Tea and cake

A garden, walled on three sides, has flower borders around an orchard

Today’s guest picture shows Nunnington Hall in Yorkshire, a National Trust property, which my brother visited for his bank holiday treat.

A garden, walled on three sides, has flower borders around an orchard

After a rainy night, the morning was relatively calm and dry and I might have gone for a pedal if I hadn’t been waylaid by some freshly made treacle scones.  Dropscone is going on holiday to Denmark and Germany next week so I had to take a treacle treat while I could.

When he had left, I took advantage of the dry weather to mow the drying green, the greenhouse grass and the middle lawn.  I have been keeping on top of the mowing lately and the weather has been reasonably co-operative so mowing is easy and the results are surprisingly good for this time of year.

While I was in the garden, I couldn’t but help notice quite a lot of butterflies about.  We have two buddleias out and they both had customers.

Most of the butterflies were whites….

white butterfly

…but there were coloured ones to be seen too, sometimes all at the same time.

butterflies white and peacock
Three cabbage whites and a peacock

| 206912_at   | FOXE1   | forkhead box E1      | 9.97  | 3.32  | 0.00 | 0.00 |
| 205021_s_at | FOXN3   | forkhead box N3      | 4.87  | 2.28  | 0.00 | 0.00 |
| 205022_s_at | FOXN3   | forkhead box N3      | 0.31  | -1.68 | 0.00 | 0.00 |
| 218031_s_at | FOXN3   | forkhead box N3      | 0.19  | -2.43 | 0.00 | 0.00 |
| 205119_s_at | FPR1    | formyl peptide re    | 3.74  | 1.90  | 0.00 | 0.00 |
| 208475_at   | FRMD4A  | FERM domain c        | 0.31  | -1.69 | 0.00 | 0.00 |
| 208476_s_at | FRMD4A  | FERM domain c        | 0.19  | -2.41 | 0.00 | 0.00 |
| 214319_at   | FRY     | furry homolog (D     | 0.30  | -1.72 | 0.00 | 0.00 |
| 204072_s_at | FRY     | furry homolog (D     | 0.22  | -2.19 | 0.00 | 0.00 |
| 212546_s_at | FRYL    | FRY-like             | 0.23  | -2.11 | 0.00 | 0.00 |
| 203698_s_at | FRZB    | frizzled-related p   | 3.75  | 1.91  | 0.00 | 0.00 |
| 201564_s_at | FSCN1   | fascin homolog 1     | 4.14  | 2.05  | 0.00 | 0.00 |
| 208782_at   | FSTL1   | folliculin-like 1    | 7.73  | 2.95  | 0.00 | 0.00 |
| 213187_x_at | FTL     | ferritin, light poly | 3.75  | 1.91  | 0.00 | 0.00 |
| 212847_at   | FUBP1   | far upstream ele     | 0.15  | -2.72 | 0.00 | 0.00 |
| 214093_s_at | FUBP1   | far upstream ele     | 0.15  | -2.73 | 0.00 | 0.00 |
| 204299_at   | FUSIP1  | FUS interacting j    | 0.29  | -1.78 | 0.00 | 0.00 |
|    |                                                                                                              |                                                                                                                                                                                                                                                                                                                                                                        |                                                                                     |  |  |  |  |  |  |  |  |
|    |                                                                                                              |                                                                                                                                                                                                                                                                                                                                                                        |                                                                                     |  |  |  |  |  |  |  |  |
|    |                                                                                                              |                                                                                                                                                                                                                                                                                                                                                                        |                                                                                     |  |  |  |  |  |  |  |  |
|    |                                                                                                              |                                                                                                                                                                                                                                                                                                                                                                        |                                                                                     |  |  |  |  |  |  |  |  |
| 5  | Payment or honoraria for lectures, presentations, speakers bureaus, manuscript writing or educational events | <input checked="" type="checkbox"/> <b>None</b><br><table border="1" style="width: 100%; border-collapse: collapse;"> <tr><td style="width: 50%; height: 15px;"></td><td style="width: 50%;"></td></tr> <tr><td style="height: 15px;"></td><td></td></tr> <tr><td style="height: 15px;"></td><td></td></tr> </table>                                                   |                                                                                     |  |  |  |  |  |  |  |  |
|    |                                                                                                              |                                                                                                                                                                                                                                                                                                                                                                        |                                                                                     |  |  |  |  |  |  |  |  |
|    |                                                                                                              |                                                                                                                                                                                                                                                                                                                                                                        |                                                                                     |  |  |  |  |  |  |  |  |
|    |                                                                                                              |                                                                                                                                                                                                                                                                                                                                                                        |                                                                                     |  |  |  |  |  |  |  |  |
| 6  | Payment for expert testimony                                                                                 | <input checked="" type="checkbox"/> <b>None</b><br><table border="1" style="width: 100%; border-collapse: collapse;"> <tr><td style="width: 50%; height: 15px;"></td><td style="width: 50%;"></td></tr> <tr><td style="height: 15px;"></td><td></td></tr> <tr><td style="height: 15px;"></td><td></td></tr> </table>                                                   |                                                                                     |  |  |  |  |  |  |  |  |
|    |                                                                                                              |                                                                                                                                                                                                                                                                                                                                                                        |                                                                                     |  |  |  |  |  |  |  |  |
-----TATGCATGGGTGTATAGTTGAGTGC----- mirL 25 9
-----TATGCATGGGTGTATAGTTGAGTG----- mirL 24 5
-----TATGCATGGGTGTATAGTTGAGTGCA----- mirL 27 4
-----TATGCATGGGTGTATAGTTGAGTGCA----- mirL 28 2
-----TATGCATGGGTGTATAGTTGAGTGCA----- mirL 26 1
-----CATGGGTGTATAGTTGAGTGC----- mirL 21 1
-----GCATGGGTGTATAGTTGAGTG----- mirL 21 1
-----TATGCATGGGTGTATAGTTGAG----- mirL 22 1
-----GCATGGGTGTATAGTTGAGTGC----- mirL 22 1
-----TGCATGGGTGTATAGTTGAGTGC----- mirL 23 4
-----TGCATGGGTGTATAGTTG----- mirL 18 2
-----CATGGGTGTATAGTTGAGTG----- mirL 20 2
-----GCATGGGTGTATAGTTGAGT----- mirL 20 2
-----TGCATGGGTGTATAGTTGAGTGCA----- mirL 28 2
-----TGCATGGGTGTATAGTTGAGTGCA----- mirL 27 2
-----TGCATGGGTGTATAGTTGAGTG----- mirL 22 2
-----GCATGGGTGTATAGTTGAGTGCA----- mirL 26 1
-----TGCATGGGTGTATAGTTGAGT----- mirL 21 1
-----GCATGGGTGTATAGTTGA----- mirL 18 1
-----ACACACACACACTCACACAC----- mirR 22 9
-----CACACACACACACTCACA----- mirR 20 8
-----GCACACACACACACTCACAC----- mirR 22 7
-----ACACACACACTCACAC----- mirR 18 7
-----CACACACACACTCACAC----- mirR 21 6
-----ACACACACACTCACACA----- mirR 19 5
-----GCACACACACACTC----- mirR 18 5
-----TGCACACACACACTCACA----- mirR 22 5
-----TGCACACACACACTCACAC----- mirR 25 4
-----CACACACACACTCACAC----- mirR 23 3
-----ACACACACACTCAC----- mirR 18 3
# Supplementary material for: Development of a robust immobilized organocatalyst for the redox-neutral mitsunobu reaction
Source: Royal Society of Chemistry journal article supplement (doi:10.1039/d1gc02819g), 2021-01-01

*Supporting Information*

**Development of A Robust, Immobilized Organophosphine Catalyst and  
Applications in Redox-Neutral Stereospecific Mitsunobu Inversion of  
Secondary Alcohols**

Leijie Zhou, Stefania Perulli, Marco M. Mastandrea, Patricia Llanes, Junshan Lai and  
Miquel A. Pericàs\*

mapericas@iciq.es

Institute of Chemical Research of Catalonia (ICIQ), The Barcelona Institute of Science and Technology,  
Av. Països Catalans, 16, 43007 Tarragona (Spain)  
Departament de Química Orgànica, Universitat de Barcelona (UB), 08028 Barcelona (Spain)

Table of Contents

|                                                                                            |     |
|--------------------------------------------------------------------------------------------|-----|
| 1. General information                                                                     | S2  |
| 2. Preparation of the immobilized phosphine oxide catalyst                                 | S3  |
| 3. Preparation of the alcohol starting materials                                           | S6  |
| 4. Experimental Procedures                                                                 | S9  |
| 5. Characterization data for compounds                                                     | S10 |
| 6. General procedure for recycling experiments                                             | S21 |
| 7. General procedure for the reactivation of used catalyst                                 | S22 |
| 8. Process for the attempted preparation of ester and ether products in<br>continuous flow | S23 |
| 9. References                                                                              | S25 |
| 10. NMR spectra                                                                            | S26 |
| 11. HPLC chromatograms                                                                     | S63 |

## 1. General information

On the red buddleia, a red admiral was to be found….

red admiral and white butterfly

…along with another white.

I noticed that our silver pear tree actually had a silver pear on it….

silver pear

…but as it is less than an inch long, it wasn’t very impressive…..(and there were no partridges to be seen at all).

After lunch and a very searching look at the weather, we got our bikes out and pedalled down to the church at Canonbie with a view to having a cup of tea and a slice of cake there.

This was the first time that I had been out for a cycle ride with Mrs Tootlepedal for quite a while and I enjoyed myself very much as we made good time down to the Hollows Bridge where we stopped to admire the view for a moment or two.

Hollows Bridge
There is the merest hint of autumn colour among the trees

As we pedalled along the old A7 past the Canonbie sawmill, we were stopped in our tracks by our friend and neighbour Gavin….

Gavin and Gaye

…and his wife Gaye.  They were going geocaching and one of them may be a touch more enthusiastic about this pastime than the other.  They had just come from tea and cake at the church so we left them to their fun and pedalled on.

The tea was welcome and the chocolate cake excellent.  It was served by an ex colleague of mine from Canonbie School who is now retired and volunteering and while we ate and drank, we were joined by another old friend who also volunteers at the cafe so we had a very sociable time while we were there.

We left our bikes for a while and walked down the river bank to the Dead Neuk…

Dead Neuk

…a striking red sandstone cliff.  The name comes from an ancient tragedy when many villagers were drowned crossing the river in a big flood to get to church before the present bridge was built.  I could just see one arch of the bridge up river from where we were.

Canonbie Bridge

And the church stood on a rise behind me.

Canonbie Church

Among the ducks on the river was a lone goosander…..

goosander

…which swam off down stream as we left.  This is the same bird in both frames and shows once again what a difference the direction of light makes to what the camera records.